Your drivers may have an open Web server exposing you to attacks
During pentests performed by SecuRing we sometimes deal with applications that interact with hardware. Quite often they need custom drivers which may result in serious consequences. The biggest threats include the fact that drivers are usually run in a kernel space. That means not less than gaining root and full control of the victim’s machine when you take over the driver! For some people that may be obvious, since exploiting drivers is as old as the invention of SQL Injection.
Before the “Web server drivers” era, exploiting drivers on a machine was usually used for local privilege escalation. You needed to execute code on a machine, import some header “.h” files and abuse the driver’s logic.
But things have changed… In 2018 we observed that interacting with modern drivers currently means communication with fully featured web server using REST API, Websockets or other typical web technologies.
Let’s summarise our knowledge about classic drivers. Take a look at a simplified diagram shown below.
An application usually runs in a user space that communicates with a driver using a defined IPC mechanism. The driver placed in a kernel space does its job and passes messages directly to a device through hardware I/O. To simplify the example, the above diagram doesn’t include shared libraries, /dev/mem, etc.
Web server drivers
The diagram for this kind of drivers looks a bit different. There’s one additional block:
Now, the application is using web technologies to communicate with the driver’s server, then the message is passed to the driver and then to a device. The server may be also embedded into the driver.
Why do developers choose such an architecture?
There are many reasons. Firstly, this architecture is easier to maintain when you have to write a cross-platform driver. You develop one web-based API and the communication problem disappears.
Secondly, this architecture is also simple to extend. If you plan to create something extendable , that users will be writing plugins to — you may choose this solution. I’m pretty sure that nowadays there are far more people that understand straight REST API calls better than interacting with complicated C++ functions.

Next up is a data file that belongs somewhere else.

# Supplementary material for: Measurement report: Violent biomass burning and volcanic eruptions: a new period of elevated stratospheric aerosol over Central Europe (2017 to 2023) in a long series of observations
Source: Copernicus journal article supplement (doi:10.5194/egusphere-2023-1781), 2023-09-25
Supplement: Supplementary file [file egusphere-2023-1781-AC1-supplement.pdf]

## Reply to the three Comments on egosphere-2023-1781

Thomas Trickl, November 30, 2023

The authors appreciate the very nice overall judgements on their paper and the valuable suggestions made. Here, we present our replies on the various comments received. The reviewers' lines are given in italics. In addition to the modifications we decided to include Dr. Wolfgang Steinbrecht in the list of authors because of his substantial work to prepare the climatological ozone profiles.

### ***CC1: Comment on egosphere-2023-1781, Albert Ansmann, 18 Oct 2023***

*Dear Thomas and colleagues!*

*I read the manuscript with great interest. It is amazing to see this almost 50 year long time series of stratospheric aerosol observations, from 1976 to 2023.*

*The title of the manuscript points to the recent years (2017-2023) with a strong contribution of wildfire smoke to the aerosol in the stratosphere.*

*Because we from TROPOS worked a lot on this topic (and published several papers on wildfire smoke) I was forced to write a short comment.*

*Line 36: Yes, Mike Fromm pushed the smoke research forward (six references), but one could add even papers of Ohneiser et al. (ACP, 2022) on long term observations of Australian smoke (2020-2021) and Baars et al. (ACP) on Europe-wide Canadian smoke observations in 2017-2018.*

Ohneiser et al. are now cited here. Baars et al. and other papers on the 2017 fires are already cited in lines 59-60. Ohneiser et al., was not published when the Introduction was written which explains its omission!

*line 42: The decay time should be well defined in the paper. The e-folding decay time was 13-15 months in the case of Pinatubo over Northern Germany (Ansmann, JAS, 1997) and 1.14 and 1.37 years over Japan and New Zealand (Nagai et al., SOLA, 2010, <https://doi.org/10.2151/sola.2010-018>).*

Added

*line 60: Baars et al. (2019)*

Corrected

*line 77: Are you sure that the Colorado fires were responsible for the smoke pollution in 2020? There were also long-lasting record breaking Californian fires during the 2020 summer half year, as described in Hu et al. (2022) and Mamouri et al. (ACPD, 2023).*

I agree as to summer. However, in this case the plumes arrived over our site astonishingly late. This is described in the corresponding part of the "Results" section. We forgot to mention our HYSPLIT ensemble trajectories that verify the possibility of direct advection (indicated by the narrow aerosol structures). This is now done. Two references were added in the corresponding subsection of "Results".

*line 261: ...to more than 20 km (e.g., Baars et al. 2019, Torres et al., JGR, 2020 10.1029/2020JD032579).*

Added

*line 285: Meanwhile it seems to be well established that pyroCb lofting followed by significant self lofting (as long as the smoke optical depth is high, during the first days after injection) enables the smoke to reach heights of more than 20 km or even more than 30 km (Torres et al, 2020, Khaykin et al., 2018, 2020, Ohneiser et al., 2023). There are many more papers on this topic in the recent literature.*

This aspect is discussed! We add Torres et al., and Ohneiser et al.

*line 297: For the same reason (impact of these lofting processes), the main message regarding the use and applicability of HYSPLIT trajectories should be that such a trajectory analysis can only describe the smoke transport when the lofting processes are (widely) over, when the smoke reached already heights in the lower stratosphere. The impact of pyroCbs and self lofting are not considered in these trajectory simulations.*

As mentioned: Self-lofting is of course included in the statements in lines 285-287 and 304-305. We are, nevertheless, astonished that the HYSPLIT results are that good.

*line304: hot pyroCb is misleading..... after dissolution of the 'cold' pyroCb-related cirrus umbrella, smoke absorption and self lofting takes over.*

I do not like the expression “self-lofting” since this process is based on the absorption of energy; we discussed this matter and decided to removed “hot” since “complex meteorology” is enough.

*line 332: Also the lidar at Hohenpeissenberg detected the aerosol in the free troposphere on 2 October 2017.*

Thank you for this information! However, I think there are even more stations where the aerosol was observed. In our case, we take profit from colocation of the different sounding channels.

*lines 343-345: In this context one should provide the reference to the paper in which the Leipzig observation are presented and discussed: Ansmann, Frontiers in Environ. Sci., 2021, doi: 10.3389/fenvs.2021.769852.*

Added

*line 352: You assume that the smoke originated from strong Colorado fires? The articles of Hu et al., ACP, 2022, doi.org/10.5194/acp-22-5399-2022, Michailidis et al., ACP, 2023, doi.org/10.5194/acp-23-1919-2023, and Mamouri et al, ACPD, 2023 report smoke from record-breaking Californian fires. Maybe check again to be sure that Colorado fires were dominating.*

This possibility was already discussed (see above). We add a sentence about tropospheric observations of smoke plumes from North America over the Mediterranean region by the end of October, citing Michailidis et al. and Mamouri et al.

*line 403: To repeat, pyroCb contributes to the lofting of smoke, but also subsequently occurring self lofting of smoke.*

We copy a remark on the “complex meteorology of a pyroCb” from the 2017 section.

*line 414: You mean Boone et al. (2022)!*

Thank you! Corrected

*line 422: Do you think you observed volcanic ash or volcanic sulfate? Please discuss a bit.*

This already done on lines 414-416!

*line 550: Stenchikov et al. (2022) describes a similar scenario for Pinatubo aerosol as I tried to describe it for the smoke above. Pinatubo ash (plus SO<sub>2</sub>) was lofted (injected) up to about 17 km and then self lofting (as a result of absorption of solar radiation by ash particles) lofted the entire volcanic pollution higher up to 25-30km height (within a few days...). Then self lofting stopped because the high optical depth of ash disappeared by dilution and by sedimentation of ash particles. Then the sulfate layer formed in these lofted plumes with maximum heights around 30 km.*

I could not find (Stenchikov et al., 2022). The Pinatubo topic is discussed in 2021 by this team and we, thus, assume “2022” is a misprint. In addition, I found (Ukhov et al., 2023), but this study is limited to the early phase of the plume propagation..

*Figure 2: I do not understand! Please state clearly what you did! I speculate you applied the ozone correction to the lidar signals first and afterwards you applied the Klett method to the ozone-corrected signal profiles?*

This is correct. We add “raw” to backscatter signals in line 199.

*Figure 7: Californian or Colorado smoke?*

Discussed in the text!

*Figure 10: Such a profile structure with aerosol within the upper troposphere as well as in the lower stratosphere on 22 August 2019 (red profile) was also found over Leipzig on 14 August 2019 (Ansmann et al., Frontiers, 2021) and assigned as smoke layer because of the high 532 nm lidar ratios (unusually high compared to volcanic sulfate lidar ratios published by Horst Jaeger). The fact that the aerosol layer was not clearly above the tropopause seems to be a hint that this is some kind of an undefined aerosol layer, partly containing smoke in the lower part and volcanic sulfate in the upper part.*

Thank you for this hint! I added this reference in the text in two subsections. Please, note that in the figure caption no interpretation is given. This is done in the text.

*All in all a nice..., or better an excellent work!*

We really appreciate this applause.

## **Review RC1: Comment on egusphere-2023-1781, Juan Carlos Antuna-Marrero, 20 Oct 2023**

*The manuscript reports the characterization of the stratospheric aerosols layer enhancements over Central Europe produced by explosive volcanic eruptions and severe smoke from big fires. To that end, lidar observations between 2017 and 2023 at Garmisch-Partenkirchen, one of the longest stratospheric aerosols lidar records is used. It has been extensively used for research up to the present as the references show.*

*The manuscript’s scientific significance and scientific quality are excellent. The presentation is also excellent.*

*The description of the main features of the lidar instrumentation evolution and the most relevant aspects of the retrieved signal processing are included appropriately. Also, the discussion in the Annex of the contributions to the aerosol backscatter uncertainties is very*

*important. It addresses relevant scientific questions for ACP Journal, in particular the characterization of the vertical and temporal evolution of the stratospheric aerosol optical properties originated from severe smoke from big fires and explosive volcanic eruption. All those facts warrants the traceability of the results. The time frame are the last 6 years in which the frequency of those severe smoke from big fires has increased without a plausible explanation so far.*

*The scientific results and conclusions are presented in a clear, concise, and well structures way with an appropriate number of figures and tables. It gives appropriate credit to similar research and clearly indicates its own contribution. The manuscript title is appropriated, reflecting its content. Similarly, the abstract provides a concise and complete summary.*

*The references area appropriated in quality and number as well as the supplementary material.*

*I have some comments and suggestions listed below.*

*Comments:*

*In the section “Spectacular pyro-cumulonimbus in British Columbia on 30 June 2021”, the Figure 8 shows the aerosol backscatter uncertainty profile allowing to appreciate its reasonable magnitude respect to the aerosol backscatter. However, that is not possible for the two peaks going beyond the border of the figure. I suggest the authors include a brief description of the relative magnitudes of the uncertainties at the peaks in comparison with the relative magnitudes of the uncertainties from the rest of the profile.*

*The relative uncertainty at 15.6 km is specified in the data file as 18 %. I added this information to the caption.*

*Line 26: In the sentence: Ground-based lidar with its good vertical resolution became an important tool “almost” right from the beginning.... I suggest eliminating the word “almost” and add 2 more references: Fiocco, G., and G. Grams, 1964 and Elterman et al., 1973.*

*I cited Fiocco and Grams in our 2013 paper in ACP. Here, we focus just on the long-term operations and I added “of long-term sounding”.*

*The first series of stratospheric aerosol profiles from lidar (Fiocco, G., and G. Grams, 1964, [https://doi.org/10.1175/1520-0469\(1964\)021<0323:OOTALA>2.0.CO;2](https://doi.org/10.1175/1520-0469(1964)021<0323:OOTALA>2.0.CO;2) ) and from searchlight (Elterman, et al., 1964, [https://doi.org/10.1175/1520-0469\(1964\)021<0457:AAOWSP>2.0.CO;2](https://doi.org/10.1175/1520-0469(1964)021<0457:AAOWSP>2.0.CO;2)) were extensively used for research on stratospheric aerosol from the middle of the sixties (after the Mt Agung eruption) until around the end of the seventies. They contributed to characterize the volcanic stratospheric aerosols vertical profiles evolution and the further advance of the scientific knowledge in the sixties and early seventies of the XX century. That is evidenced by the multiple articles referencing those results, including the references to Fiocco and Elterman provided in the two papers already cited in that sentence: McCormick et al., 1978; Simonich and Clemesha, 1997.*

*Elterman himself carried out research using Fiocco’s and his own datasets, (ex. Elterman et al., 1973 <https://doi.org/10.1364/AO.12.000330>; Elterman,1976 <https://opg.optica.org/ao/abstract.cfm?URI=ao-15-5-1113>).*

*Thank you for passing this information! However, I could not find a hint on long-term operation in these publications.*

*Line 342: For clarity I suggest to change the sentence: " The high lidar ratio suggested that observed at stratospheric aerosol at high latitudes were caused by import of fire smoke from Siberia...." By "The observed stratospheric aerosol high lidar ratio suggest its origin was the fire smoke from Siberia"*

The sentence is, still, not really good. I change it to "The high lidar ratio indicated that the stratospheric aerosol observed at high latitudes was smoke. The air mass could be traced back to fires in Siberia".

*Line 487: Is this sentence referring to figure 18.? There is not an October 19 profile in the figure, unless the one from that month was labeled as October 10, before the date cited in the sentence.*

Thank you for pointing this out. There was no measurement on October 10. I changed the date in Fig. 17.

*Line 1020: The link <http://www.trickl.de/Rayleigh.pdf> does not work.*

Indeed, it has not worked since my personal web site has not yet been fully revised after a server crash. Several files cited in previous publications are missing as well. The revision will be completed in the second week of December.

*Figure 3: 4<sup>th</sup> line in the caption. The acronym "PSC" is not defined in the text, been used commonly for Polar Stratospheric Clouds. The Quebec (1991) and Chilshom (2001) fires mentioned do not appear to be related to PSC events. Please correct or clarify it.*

Thirdly, again, times are changing. We are used to having apps in our web browsers. Rich clients are not sexy anymore. With this solution, you can control your hardware directly from your browser! Convenient, but… what about #security?
Things go wrong
“Controlling your hardware directly from your browser”. The point is that maybe it’s not you who’s in control. 😉
Consider a driver server accepting all loopback connections from any website. Simple Cross-Site Scripting attack or visiting a malicious website can send messages to your driver just the same as as you can.
SecuRing your software
If you are implementing/testing a driver with such an architecture, you have to remember about at least 3 key rules:
- bind the web server only to 127.0.0.1,
- implement CORS mechanism and check where the request came from,
- authenticate the user.
This is of course not everything. You always have to remember to do parameter validation and other basic issues.
We were pentesting a device used for sensitive cryptographic operations. User had to install a driver, plug in a device to USB and open a web browser. We proved that any website was able to control the device remotely and execute arbitrary actions.
During pentests we were analyzing a 2FA dongle. It was basically a network device creating an additional interface used for WebSocket communication. The device was authenticating user but we managed to bypass it. We noticed that the device was exposing excessive debug methods that allowed us to create a full PoC bypassing the 2FA from a malicious website.
A $200 keyboard with a special interactive crown. Driver installation allows you to extend the crown functionality using default/custom plugins. The plugin I used communicated with the driver using websockets. I was able to take control of that communication. If you are interested in more details, check it out here.
These are only examples of bugs existing in an HTTP-based architecture. If you want to learn more, feel free to contact us. Every driver may increase the attack surface on your machine. Check if your drivers expose excessive ports by passing the following command to the terminal:
If you are involved in creating such drivers, remember to at least verify the 3 checks (localhost binding, CORS&Origin validation, user authentication). It’s also a good practice to pentest your software, so you won’t expose your clients to risk.